ANAHEIM -- This probably wasn't the recipe A's manager Bob Melvin had in mind when he spoke before the game about the continual process of trying to forge the right bullpen mix. But he sure enjoyed the final product.
"That's big," said Melvin. "Confidence for a lot of guys, too. You're talking about Otero getting a little confidence back, Scribner used in a little different role and getting three key outs and finally getting to Clippard in a save situation. We hadn't been able to do that this year."
Otero was the star of the show, holding the Angels to one hit while fanning four, cruising his way through the middle innings on just 42 pitches.
His night began with two inherited runners and none out. The right-hander induced a ground ball from Chris Iannetta for a forceout at second base, then struck out Johnny Giavotella and Kole Calhoun, all the while looking like the Otero that routinely navigated such innings with ease last year.
Entering the night, he had a 6.75 ERA in five games this season.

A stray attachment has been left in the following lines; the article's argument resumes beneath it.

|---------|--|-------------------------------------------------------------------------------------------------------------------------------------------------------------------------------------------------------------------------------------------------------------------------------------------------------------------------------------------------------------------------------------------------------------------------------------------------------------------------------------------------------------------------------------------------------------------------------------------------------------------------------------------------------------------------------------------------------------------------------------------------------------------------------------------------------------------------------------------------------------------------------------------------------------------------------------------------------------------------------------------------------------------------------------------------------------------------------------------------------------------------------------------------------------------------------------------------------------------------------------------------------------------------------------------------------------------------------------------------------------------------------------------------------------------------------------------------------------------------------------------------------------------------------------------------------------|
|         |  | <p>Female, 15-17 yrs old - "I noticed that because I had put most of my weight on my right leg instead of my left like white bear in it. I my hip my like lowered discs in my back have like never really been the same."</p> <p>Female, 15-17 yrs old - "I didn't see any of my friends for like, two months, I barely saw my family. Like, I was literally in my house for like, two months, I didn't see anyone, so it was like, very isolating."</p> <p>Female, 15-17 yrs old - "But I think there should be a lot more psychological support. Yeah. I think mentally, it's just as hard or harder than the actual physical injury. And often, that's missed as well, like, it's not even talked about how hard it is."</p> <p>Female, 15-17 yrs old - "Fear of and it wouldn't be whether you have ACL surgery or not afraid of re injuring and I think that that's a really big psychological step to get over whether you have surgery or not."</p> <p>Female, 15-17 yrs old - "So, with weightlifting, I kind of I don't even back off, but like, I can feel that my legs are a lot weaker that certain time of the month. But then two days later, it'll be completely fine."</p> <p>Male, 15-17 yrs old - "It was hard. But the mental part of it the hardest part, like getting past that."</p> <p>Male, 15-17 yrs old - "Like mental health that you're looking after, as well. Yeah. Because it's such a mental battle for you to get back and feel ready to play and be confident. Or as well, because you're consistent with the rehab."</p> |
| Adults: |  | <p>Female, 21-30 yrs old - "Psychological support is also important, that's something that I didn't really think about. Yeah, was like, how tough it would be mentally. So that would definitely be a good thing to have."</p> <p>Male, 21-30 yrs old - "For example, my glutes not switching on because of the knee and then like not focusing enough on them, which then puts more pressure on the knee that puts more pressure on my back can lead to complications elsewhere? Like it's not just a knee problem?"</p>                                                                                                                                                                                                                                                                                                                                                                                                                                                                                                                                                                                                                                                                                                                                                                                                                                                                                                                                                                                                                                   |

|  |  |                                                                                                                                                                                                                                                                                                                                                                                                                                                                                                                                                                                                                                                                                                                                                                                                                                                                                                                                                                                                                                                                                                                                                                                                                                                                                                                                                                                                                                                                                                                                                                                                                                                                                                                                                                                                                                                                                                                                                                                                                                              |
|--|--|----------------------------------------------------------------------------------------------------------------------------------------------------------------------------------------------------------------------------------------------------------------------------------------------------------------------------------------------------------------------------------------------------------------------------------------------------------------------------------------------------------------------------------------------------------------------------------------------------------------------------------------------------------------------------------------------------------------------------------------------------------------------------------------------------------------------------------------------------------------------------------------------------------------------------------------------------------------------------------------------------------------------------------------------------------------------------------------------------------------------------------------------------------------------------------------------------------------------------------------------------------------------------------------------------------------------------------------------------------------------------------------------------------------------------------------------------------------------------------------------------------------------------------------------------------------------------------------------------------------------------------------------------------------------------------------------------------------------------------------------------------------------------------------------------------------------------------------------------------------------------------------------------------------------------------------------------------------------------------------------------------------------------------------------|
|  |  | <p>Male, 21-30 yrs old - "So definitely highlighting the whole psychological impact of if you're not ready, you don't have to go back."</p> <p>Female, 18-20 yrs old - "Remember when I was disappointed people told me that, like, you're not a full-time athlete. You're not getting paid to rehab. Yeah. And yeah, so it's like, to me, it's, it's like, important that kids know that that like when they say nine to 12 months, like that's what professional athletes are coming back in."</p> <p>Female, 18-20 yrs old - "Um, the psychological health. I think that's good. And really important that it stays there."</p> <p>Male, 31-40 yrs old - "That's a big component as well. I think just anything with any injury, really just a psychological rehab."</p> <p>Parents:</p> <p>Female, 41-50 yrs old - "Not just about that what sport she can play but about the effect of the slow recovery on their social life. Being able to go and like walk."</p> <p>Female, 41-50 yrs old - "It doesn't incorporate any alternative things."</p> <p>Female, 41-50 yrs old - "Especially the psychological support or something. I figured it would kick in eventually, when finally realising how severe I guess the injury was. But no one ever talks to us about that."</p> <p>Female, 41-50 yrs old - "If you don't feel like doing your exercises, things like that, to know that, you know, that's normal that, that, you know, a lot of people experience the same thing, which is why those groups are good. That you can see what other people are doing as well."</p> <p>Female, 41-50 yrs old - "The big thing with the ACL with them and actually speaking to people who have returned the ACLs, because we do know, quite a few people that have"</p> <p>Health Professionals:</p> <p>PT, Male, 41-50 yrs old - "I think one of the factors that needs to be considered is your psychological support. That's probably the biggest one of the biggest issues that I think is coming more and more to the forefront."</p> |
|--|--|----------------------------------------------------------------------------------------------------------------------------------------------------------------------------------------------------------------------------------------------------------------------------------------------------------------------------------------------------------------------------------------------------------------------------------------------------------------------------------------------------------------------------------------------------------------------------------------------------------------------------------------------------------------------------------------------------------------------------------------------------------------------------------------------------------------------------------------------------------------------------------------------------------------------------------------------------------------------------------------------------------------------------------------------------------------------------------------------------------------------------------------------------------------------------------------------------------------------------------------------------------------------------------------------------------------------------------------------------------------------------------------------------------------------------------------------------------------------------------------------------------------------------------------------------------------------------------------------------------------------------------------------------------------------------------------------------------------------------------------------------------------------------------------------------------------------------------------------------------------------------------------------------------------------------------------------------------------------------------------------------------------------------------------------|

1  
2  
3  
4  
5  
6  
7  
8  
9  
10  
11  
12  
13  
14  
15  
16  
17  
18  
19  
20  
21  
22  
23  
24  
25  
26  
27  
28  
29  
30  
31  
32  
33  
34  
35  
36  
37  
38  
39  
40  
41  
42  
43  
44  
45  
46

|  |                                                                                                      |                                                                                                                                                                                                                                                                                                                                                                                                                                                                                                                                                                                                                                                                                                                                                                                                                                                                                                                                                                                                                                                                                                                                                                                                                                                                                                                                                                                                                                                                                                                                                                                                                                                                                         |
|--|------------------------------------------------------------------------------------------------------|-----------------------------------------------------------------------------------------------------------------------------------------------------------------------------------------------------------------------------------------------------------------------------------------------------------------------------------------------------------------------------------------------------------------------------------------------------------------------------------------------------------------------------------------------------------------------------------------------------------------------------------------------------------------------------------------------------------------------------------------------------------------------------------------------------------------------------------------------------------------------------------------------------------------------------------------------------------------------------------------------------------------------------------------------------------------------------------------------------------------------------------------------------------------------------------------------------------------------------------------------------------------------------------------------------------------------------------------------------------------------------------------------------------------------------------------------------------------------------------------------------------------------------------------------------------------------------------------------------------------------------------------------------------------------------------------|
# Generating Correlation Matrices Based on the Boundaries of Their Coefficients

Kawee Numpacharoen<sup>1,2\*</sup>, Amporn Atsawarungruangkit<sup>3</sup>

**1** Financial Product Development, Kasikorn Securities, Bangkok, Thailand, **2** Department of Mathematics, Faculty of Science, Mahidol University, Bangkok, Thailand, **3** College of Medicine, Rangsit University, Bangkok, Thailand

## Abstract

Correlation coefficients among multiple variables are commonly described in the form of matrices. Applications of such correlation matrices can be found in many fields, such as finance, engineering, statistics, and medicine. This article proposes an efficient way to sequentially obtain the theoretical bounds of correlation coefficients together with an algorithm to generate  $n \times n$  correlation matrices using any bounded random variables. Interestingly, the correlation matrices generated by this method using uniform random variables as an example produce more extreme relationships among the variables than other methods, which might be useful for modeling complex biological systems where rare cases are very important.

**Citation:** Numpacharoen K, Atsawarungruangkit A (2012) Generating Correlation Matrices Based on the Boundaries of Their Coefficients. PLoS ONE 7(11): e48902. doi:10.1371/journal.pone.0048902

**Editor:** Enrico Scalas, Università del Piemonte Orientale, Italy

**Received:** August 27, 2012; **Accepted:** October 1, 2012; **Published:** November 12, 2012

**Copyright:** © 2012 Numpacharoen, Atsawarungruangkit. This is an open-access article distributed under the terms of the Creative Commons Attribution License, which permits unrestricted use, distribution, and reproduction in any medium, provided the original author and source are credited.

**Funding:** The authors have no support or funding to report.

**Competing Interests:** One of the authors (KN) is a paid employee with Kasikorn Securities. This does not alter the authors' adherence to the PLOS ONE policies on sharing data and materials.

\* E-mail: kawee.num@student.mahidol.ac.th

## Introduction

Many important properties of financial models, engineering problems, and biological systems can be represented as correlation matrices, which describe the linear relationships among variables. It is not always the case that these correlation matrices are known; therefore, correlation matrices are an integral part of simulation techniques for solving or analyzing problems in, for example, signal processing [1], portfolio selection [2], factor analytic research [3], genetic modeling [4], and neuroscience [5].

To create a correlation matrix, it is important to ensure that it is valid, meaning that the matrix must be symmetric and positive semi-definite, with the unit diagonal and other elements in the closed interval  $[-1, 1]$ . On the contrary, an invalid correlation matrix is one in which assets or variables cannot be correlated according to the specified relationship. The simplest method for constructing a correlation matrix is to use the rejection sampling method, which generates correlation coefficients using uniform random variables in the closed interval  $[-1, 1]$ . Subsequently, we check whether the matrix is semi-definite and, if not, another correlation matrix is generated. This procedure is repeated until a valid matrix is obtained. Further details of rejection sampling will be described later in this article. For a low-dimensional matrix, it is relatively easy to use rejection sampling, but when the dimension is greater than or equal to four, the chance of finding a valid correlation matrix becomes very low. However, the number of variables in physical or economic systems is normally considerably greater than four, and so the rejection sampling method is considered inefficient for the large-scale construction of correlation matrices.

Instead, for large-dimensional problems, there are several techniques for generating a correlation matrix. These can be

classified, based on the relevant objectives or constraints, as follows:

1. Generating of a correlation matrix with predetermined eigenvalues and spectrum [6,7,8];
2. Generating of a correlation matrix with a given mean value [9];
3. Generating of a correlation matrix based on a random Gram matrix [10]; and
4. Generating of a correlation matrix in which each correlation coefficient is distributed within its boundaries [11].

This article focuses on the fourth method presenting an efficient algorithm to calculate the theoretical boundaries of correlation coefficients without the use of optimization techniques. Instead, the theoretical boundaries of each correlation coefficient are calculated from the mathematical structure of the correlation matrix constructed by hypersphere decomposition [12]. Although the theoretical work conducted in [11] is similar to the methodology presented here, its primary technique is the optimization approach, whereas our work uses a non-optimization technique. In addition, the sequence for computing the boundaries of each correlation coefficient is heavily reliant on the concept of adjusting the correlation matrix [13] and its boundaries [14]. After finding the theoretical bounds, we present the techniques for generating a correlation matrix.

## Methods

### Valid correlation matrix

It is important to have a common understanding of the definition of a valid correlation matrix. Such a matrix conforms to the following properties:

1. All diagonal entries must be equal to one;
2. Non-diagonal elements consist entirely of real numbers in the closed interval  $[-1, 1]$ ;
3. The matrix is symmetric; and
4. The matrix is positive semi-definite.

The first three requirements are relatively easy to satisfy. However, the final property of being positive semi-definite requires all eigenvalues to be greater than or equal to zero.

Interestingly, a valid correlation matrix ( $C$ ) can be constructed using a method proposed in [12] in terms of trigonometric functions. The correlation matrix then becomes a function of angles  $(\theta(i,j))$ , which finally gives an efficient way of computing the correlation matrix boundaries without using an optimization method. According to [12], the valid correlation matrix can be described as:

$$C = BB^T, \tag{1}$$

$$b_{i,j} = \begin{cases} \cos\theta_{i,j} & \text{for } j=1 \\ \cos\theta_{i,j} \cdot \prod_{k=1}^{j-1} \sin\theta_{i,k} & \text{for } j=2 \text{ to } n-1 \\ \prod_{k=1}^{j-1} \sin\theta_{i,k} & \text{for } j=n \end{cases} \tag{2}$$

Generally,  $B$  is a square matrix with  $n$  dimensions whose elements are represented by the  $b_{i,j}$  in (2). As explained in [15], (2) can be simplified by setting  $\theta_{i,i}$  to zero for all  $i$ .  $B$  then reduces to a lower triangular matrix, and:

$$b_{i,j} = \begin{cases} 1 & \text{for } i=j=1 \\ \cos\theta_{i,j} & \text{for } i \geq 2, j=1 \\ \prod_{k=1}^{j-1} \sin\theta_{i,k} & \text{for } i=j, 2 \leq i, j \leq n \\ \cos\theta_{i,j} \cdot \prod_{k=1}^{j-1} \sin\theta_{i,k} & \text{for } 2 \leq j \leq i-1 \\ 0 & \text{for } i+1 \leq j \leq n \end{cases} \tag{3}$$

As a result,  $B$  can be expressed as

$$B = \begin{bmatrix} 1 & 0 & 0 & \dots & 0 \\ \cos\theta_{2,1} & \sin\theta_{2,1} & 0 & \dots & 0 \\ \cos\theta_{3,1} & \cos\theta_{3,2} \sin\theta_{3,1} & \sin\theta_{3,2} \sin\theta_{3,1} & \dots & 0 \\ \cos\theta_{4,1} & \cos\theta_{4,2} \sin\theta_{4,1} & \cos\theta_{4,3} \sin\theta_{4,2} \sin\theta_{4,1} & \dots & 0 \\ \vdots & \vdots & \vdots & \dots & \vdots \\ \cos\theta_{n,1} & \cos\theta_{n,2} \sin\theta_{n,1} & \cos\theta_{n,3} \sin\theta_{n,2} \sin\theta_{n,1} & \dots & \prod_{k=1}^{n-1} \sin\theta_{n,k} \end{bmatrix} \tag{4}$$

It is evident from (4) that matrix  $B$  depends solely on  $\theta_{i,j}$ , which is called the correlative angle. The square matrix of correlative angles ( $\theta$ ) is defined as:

"Dan Otero single-handedly gave us a chance to win this game tonight," said catcher Stephen Vogt. "I think, for him, to come into his type of situation, get out of it, that gave him all the confidence in the world. He was some kind of on point tonight, and that's the guy that we know and love.
"A couple little hiccups to start the year, and no one was worried about it, but to see him come out here and do what he did tonight was exactly what we needed and what everybody else needed, someone to just come in and get us out of a jam."
Melvin anointed him a "lifesaver."
"What looked like was going to be a 10-8 game, he comes in and shuts it down," said Melvin. "To go that long and only throw 40 pitches was terrific. The sinker was back. We'd seen the ball moving a little bit with more run than sink, and he made a little adjustment. We don't win that game without him."
Otero said Vogt spotted something in his delivery last week with his left shoulder that he's since been working to adjust.
"I was just kind of turning my left shoulder in a little bit," he said. "Getting a little too rotational. That's something I've been cognizant of throwing in the outfield, warming up every day. Noticed it tonight it was good, and it helps all my other pitches when I can stay in line, can stay through the catcher instead of spinning off to the first baseman."
Jane Lee is a reporter for MLB.com. This story was not subject to the approval of Major League Baseball or its clubs.